Dennis Schaefer, owner of Creative Wood Products, a deck and sunroom company in Fenton, Mich., wants to make sure his customers never forget him. Since he has the name of every customer that his company has done business with, he can contact them for promotions and special events. He also sends them his company's quarterly newsletter, by mail or e-mail.

Newsletters are a popular way to keep a company visible. The newsletter sent out by Jancewicz & Son in Bellows Falls, Vt., goes to about 2,000 past customers and the point, says sales and marketing director John Dunbar, is “not to drum up new business but to keep our name out there and let them know we're here and growing.” The company will generate new business by asking customers on a satisfaction survey whether or not they're planning future home improvements. “So if we just finished a roof, and they're interested in windows at some point, we'll contact them,” Dunbar says.

Personal Touch Years ago, Metropolitan Windows in Pittsburgh used to send out a monthly newsletter to past customers. That became “prohibitive,” owner John Schmotzer says. Today Schmotzer is taking a different tack. At some point in the year, past customers will get a call from someone in the company's office with the purpose of finding out if they still like their windows, to remind them of the company's referral program, and to ask for new business.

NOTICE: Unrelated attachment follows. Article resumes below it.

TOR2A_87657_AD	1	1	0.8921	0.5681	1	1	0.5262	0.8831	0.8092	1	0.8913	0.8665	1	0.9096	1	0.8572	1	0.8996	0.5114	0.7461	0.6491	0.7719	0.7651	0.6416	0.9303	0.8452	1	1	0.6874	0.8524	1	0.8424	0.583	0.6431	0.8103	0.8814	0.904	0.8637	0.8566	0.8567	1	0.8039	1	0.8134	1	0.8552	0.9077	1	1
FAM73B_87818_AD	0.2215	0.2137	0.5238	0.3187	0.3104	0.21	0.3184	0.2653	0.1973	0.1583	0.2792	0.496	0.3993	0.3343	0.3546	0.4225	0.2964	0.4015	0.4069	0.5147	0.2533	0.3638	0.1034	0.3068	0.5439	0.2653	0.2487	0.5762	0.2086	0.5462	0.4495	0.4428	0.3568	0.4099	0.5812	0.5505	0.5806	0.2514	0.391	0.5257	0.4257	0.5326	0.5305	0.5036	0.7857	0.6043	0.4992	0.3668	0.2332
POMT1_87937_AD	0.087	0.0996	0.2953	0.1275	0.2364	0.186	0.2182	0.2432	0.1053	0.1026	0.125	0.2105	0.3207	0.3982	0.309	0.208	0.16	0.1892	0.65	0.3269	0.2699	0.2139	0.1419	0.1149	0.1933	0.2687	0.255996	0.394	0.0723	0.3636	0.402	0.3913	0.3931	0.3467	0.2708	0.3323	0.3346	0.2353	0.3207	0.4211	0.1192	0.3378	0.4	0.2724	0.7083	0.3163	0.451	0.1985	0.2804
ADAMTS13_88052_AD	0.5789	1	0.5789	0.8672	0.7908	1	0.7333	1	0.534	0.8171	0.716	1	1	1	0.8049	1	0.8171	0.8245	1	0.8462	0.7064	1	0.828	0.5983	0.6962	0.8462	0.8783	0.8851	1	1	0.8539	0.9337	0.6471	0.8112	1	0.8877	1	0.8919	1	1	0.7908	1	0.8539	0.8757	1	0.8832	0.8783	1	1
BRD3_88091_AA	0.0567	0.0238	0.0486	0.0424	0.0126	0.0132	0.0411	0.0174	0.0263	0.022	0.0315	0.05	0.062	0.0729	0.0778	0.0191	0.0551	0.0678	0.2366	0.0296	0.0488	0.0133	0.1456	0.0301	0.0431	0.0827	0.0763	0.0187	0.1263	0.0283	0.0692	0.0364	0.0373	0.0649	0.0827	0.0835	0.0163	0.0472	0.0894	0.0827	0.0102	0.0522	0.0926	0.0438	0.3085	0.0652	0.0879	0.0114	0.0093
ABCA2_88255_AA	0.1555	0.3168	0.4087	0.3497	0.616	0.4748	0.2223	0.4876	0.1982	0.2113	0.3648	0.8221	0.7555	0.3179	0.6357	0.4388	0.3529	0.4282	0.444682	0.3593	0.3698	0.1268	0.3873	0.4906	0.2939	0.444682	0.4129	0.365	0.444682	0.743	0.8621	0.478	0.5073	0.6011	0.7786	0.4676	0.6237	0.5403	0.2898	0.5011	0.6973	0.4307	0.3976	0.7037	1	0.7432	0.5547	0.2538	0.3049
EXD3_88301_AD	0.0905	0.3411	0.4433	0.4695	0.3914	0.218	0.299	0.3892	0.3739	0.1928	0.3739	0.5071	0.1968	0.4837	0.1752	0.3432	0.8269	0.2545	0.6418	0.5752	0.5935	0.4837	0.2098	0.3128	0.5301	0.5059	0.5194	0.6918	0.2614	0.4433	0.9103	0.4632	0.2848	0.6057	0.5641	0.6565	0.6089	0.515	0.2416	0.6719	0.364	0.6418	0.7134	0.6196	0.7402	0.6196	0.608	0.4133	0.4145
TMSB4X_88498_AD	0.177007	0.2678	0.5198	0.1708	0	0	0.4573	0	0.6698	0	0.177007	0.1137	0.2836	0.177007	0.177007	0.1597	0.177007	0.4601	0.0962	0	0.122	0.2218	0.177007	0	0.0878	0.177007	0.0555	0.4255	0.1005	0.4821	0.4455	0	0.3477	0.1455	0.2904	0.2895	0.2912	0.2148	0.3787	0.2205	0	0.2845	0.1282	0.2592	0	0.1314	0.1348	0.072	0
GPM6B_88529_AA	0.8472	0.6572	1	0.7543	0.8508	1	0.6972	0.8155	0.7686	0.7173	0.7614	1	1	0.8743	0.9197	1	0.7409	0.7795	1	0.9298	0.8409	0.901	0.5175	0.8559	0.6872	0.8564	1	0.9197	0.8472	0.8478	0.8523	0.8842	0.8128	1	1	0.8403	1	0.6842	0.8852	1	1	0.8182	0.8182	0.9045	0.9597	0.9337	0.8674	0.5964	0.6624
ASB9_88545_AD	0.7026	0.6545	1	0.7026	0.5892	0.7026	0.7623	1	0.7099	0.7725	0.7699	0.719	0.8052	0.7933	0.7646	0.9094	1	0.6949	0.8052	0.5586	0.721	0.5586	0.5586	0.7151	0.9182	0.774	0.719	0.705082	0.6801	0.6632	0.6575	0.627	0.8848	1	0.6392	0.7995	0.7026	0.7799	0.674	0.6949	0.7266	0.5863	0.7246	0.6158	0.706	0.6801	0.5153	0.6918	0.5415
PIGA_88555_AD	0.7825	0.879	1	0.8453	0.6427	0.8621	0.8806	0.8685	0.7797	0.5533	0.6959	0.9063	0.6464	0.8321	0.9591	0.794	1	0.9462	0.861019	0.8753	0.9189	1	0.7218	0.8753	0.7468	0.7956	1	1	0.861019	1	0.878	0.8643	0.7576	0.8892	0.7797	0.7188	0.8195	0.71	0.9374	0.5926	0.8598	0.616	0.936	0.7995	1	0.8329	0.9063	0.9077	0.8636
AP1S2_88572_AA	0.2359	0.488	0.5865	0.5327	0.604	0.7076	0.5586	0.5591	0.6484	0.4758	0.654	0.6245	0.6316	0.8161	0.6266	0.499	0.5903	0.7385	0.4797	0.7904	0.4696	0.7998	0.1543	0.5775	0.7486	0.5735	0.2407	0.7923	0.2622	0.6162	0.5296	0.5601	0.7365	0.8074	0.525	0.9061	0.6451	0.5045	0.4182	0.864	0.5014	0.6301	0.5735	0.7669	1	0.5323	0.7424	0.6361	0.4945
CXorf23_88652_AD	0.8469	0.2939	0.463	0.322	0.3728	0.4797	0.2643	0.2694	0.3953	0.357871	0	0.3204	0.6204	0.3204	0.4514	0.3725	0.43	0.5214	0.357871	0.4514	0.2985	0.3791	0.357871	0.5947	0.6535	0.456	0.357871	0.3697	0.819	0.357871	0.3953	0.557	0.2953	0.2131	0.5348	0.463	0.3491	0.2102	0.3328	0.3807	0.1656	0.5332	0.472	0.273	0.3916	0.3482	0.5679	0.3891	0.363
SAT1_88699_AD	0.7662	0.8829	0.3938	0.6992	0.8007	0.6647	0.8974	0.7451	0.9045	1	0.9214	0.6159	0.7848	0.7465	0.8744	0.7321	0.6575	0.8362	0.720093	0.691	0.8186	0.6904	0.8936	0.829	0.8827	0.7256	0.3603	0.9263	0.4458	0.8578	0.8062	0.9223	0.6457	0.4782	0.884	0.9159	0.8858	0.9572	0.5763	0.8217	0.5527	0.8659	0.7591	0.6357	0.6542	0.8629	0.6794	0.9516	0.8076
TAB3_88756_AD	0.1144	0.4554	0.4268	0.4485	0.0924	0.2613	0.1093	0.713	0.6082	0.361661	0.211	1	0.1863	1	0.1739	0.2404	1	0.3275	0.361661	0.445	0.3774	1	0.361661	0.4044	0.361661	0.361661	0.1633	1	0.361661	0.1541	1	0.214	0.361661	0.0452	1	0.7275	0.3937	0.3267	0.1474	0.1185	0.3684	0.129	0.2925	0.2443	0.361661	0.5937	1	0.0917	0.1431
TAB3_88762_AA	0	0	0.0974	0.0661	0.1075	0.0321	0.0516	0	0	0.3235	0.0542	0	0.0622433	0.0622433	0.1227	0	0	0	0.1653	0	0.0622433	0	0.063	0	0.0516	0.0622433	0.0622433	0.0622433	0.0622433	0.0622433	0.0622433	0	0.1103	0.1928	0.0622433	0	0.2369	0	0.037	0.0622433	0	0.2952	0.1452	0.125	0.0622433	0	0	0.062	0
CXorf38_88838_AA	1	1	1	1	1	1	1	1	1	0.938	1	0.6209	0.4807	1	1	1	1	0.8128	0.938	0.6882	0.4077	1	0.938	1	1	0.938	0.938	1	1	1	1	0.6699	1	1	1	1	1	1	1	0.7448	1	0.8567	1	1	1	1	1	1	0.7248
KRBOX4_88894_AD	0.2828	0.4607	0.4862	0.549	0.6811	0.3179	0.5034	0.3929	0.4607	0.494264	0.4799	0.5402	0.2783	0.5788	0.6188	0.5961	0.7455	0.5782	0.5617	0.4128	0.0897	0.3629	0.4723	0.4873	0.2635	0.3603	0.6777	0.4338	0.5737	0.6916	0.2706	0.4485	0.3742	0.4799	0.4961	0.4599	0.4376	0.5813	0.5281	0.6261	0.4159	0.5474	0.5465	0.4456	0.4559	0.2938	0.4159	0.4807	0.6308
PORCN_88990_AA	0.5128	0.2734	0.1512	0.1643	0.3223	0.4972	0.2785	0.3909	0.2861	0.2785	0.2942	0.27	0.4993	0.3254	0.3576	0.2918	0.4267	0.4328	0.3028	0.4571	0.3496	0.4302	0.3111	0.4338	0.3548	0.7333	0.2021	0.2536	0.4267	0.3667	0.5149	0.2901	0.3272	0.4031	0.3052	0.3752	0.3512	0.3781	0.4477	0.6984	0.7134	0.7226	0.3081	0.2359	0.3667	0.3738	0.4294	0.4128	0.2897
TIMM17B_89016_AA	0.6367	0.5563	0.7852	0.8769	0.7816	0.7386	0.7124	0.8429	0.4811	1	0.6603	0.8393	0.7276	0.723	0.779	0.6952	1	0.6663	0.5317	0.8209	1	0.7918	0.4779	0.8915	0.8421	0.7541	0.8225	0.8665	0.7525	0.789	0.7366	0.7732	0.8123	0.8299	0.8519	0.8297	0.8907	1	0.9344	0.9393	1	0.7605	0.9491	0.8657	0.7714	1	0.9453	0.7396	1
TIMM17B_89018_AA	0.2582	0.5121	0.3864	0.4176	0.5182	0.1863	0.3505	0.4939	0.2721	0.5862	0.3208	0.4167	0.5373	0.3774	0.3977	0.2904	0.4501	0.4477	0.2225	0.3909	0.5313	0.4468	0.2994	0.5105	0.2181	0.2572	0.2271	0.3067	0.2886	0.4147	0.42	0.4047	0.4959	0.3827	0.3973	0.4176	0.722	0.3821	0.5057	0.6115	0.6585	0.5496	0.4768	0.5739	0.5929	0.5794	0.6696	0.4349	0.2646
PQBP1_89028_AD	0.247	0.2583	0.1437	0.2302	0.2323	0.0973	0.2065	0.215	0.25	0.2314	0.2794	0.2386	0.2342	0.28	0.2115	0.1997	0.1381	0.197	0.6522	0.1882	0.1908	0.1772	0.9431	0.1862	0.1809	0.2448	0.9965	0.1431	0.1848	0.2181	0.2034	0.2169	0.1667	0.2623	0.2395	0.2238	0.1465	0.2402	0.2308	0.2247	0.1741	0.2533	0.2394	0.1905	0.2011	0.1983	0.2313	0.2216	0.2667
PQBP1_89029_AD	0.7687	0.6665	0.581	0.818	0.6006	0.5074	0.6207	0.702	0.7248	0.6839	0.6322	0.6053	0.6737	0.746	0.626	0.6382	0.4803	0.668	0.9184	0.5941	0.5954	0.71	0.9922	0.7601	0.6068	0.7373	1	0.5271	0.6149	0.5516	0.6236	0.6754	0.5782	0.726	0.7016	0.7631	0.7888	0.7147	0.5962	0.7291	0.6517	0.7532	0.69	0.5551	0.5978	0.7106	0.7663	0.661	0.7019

He combines that with a direct mail piece, right after Christmas, offering “home improvement products at substantial savings” to past customers during January and February. Aside from fiberglass windows, the company offers entry doors, storm doors, and decorative door surrounds, plus siding, soffit, fascia, gutters, and downspouts.

Well-known sales and marketing expert Rick Grosso points out that home improvement contractors should “automatically” get permission from customers to call, since previous customers make up the most potent possible lead base. But even better, he says, is getting the customer's e-mail address. Getting customers to “opt-in” —that is, obtaining permission for you to e-mail them — sets the stage for building your e-mail newsletter subscriber list. (And don't forget, say experts, to include an unsubscribe option with that, especially since it's now required by law.)

And while newsletters — electronic or paper — are great, Grosso says, “in addition, do monthly or quarterly e-mail promotions. Sponsor contests and trips, so it's not always just about trying to sell them something.”

You' ve Got Mail For Schaefer, marketing efforts directed to past customers produce 65% of his leads and 70% of his sales. His past customer reach goes well beyond mailing or e-mailing the newsletter. Three times a year past customers are invited to special events at the company's store, a deck and deck accessories showroom. There's a Mardi Gras party in February to introduce new backyard products, a “Clean and Seal” seminar in April, and a Deck the Halls event, in December. The “Clean and Seal” seminar, where the company demonstrates power washing and offers advice about deck stains, consistently draws between 200 and 400 people and produces lots of leads, many of which become sales. Schaefer says he's found that the best turnouts result when his company e-mails its 2,800-person e-mail list the day before the event.

Everyone who's ever done business with the company may not show up, but the point of his efforts, Schaefer says, “is to keep Creative Wood on the tip of their tongues as a company they used, trusted, and enjoyed working with.”

Grosso says that there is “no comparison” between lead costs generated by investment in media, or shows and events versus those that develop out of past customer contact, whether it be referral, repeat, or self-generated by a salesperson. “The best lead is non-competitive,” Grosso says. “Because you already have the trust.”